if this is the case, why doesn't Rambam qualify the ruling and
apply it only in a case where the person has already (certainly)
said T'fillah once that day?
The second answer cuts more to the nature of T'fillah and demands
that we understand it as inherently different than other Mitzvot
which are d'Orayta. For instance, if I am unsure if I shook the
Lulav on the first day of Sukkot (a Torah obligation), I can pick
up the Lulav again and shake it, thinking just in case I didn't
do it the first time, I'll do it again. I'm also thinking if I
did it before, this act is meaningless. Regarding B'rakhot, we
cannot apply this thinking - we wouldn't want them to be
meaningless - so we would say the following: If I didn't say
Birkat haMazon (the blessing after a meal - also a Torah
obligation) before, then this is the Birkat haMazon of which I am
obligated. And if I did say it before, then I am thanking God
again. - surely not a bad thing to do, especially when required
by Halakhah. However, we cannot apply the same thinking to
T'fillah - as Avodah. Just as is the case in the Beit haMikdash
, we never do Avodah just in case; Avodat Hashem requires
whole-hearted focus and meaning. It is possible for Rambam to
maintain that T'fillah is a Mitzvah d'Orayta - and yet, something
we do not do in a case of doubt - only as full-intentioned
worship. *L'ahavah et Hashem Eloheikhem ul'Ovdo b'Khol
L'vav'khem* - "Loving YHVH your God and worshipping Him with ALL
OF YOUR HEARTS".
now, to the questions:
Q1: Why does Rambam combine Hilkhot T'fillah with Hilkhot
Birkat Kohanim (the Kohanic Blessing; see Bamidbar 6:22-27)?
JH (Joseph Harrar ):
Bamidbar 6:22-27 This is what we call Birkat Kohanim. During the
days of the Beit Hamikdash, the Kohanim used to say it in the
morning and at dusk with their offerings. They practiced the
nessiat-kappayim while saying it. After the Hurban [destruction],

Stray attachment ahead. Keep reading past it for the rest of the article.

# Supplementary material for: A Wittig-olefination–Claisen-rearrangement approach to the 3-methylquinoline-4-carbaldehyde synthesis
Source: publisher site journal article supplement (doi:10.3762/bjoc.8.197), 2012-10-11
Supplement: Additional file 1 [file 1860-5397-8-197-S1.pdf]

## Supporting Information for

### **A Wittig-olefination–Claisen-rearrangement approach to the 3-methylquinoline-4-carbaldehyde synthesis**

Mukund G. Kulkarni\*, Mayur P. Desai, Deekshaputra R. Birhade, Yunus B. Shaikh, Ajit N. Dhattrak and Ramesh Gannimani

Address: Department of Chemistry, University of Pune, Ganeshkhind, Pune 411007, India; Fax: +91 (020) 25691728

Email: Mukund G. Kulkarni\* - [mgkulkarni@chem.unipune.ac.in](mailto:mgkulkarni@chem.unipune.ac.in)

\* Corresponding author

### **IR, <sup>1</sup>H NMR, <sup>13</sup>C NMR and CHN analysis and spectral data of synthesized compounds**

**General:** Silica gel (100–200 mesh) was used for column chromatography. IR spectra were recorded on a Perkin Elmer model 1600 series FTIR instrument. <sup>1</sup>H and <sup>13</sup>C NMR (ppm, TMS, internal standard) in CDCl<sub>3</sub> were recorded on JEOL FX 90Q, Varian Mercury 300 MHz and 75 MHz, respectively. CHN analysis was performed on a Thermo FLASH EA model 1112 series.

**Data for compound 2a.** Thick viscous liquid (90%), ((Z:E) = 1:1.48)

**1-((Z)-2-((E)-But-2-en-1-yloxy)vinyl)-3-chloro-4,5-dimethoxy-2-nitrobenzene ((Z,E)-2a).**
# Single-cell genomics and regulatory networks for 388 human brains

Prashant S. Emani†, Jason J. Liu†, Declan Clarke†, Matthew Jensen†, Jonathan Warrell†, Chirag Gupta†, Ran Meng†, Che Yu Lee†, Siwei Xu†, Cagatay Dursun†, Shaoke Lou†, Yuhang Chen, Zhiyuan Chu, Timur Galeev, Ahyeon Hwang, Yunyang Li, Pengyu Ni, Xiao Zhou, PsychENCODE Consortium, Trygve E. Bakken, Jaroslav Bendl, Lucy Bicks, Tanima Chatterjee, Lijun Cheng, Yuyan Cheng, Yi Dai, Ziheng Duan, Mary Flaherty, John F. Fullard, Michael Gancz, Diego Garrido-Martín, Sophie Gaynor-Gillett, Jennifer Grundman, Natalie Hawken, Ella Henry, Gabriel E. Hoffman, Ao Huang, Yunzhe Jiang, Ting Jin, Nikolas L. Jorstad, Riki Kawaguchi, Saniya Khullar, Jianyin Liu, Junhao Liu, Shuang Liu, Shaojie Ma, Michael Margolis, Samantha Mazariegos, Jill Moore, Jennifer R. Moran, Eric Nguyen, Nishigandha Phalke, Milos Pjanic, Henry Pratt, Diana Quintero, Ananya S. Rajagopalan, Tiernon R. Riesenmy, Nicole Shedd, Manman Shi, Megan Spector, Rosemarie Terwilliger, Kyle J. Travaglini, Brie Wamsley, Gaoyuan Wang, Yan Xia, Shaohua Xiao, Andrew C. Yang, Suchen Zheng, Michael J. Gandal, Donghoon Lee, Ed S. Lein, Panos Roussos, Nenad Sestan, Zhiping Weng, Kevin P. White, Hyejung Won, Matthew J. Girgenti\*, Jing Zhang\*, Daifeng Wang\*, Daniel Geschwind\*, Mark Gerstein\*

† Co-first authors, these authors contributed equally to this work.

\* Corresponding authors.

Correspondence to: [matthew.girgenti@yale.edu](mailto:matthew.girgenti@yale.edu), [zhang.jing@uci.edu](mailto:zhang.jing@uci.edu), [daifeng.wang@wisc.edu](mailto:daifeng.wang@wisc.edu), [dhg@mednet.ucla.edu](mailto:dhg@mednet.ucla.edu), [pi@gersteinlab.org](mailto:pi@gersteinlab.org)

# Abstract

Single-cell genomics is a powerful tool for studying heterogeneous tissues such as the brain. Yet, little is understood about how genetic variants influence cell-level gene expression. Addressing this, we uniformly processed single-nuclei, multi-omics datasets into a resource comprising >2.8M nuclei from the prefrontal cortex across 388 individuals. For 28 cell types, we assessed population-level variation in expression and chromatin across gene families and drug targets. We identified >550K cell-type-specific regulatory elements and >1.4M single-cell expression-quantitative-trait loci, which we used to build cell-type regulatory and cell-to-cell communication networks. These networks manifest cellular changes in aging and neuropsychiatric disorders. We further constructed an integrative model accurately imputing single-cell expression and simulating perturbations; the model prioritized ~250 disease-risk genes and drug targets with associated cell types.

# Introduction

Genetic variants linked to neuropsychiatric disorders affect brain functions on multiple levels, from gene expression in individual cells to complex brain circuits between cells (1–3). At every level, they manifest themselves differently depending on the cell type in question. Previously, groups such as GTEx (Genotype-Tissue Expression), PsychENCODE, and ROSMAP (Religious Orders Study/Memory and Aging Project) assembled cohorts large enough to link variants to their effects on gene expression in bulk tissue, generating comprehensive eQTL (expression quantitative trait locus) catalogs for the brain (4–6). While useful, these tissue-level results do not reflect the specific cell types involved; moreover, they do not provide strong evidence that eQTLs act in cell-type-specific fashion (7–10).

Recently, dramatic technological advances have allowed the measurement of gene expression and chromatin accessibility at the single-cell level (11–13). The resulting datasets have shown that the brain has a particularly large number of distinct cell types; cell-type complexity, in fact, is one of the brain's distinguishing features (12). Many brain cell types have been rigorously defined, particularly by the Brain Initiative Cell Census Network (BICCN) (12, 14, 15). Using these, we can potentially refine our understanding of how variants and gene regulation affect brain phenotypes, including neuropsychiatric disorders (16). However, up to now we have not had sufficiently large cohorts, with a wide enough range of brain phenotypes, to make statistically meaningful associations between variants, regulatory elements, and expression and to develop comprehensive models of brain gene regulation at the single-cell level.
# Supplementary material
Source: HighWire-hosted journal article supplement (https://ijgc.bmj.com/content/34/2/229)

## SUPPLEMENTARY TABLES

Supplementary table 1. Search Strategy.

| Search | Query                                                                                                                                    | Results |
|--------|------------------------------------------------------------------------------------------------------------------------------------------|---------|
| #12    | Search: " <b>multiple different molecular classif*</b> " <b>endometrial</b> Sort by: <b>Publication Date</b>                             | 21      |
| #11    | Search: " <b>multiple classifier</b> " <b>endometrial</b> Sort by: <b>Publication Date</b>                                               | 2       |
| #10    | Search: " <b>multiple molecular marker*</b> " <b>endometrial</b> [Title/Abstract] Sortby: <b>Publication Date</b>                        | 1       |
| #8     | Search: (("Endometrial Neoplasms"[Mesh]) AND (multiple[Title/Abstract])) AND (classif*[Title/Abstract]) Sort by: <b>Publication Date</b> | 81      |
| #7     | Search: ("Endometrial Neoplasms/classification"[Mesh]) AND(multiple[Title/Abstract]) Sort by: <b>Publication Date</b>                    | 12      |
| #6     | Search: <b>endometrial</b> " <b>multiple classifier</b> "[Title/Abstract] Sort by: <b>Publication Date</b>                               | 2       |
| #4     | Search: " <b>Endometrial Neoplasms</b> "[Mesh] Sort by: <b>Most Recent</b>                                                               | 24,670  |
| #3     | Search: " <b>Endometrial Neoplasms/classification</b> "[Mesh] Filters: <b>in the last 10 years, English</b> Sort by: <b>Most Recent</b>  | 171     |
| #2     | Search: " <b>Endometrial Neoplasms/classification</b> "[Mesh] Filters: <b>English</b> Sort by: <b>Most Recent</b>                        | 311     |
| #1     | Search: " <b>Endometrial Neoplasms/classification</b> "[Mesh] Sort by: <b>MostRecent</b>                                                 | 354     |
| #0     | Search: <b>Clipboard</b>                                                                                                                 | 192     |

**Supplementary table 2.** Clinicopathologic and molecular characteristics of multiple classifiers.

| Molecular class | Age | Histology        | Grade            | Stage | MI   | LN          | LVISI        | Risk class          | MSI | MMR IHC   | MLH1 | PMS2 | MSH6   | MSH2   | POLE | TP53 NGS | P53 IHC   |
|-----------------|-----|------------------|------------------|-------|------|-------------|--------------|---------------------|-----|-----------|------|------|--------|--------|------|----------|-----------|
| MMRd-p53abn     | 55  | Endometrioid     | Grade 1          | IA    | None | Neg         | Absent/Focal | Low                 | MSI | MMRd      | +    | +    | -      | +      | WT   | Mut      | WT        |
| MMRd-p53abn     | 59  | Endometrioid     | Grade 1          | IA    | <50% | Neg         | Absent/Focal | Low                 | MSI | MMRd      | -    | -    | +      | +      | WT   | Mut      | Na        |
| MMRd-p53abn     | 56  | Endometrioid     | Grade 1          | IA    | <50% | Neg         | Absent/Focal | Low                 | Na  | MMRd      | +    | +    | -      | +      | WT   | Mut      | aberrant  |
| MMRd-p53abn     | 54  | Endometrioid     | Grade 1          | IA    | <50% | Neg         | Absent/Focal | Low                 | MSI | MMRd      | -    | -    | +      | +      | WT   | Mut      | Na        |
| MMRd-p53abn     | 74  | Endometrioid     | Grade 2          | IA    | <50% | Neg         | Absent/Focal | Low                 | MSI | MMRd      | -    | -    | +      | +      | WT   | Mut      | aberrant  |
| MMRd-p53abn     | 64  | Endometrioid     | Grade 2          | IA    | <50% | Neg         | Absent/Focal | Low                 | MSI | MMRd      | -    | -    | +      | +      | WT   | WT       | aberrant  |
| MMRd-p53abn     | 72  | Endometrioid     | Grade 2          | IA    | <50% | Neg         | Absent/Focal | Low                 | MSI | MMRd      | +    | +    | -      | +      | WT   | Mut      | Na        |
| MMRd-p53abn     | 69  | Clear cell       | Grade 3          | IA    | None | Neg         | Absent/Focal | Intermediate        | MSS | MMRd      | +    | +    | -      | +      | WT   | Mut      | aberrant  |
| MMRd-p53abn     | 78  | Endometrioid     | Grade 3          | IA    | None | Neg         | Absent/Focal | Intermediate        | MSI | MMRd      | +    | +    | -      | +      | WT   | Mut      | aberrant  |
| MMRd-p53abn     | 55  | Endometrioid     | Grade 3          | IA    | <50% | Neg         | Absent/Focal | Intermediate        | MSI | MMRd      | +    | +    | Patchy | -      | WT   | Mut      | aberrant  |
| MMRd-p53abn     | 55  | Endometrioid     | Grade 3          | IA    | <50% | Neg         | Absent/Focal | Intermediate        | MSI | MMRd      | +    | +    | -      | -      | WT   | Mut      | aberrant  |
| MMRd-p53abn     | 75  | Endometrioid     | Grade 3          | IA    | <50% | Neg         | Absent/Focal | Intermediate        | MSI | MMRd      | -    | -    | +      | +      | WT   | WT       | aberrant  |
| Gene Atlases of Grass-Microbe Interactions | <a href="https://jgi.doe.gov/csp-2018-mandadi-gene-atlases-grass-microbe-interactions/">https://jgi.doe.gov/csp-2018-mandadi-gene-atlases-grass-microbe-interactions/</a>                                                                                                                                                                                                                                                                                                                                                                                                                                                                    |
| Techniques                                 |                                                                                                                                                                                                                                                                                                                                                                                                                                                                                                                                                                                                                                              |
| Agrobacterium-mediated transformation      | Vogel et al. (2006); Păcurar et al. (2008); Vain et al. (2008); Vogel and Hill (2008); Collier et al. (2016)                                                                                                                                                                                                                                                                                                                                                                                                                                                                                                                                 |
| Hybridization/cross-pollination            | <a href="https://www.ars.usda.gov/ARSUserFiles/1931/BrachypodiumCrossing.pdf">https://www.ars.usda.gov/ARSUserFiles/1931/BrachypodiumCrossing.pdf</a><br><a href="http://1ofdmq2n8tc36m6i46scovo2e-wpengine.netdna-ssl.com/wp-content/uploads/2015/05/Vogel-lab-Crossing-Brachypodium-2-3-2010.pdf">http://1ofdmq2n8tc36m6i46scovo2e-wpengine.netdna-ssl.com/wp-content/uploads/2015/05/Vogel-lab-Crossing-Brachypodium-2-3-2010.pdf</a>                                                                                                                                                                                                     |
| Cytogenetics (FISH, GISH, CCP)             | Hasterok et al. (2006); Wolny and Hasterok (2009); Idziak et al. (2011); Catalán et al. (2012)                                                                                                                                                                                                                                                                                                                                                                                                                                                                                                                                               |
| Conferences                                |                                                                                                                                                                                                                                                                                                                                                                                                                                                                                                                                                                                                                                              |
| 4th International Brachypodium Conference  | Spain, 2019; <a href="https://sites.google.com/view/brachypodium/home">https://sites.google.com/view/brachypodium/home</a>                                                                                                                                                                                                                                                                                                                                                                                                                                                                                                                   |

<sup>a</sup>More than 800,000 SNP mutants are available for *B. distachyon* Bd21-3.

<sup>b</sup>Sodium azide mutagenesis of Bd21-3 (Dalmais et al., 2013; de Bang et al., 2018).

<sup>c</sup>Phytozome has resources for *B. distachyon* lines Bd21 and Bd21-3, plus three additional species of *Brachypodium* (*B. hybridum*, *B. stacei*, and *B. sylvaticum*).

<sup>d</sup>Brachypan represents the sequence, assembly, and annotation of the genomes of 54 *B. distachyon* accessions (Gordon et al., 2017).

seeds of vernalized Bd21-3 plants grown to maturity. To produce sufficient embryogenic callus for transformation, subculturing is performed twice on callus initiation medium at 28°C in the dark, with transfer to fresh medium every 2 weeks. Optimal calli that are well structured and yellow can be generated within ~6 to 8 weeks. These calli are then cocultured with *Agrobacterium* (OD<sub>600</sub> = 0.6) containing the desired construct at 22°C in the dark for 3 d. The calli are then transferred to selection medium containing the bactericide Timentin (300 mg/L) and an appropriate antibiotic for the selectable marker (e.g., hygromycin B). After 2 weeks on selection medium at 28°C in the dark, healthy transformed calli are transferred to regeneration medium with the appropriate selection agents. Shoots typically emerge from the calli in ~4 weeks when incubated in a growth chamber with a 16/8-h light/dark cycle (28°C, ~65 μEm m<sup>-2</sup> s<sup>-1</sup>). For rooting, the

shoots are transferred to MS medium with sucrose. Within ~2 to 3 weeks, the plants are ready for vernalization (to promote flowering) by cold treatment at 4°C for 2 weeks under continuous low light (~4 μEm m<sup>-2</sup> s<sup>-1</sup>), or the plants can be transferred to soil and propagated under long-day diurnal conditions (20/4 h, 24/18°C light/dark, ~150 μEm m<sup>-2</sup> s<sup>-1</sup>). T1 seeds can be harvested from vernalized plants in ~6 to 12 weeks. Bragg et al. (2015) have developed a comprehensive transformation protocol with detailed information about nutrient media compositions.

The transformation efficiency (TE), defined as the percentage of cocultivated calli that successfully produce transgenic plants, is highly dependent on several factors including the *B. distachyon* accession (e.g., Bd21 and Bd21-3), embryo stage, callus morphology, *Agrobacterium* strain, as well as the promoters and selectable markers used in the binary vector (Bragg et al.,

the Birkat Kohanim was joined to the Tefilla and is a part of it
(during the hazara of the Sh'mone Essre). It is why Rambam
combines Hilkhot Tefilla with Hilkhot Birkat Kohanim.
YE (Yitz Etshalom ):
In addition to Joseph's reason, T'fillah is a Mikdash-oriented
Avodah (see the shiur on Sefirat ha'Omer) and, as such, is
directly connected with Birkat Kohanim - which is, of course, an
extension of Birkat Kohanim in the Mikdash. As Joseph points
out, Birkat Kohanim is integrated into T'fillah (and is
theoretically performed at each daytime T'fillah - but more on
Q2: Why does Rambam use the phrase *la'Avod et
Hashem...biT'fillah* (to serve God via T'fillah)? Why not
*la'vod et Hashem* (to serve God) or *l'hitpalel* (to say
JH: Because it is said: ul'ovdo b'khol l'vav'khem (Devarim
11:13) and Avoda she-balev is Tefilla.
YE: See the shiur above.
Q3: What is Rambam's source for this Mitzvah (Avodah
biT'fillah) being a daily obligation?
JH: "vela'amod baboker baboker lehodote ul'hallel l'A. vekhen
la'areb" (I Divre Hayamime 23:30). "va'avad'tem et A. Elohekhem
uverakh et lach'm'kha ve'et meimekha..."(Shemot 23:25). lechem
umayim, (bread and water) are daily needs. So the Tefilla by
which a person asks for its needs should be daily.
YE: See the shiur above.
Q4: How can Rambam reckon T'fillah as a Mitzvah from the Torah
- when the Talmud states several times that T’fillah is
JH: He reckons it as a mitzvat ‘asse because it is said:
‘va’abadtem et A. Elohekhem (Shemot 23:25) and the Oral Law
teaches that ‘Avoda is Tefilla from ‘ul’ovdo b’khol l’vav’khem
(Devarim 11:13). Because ‘Avoda she-baleb is Tefilla.
YE: Yes, but that doesn’t answer the direct question: What about
the statements in the Gemara that indicate that T'fillah is
d'Rabanan? See the shiur above.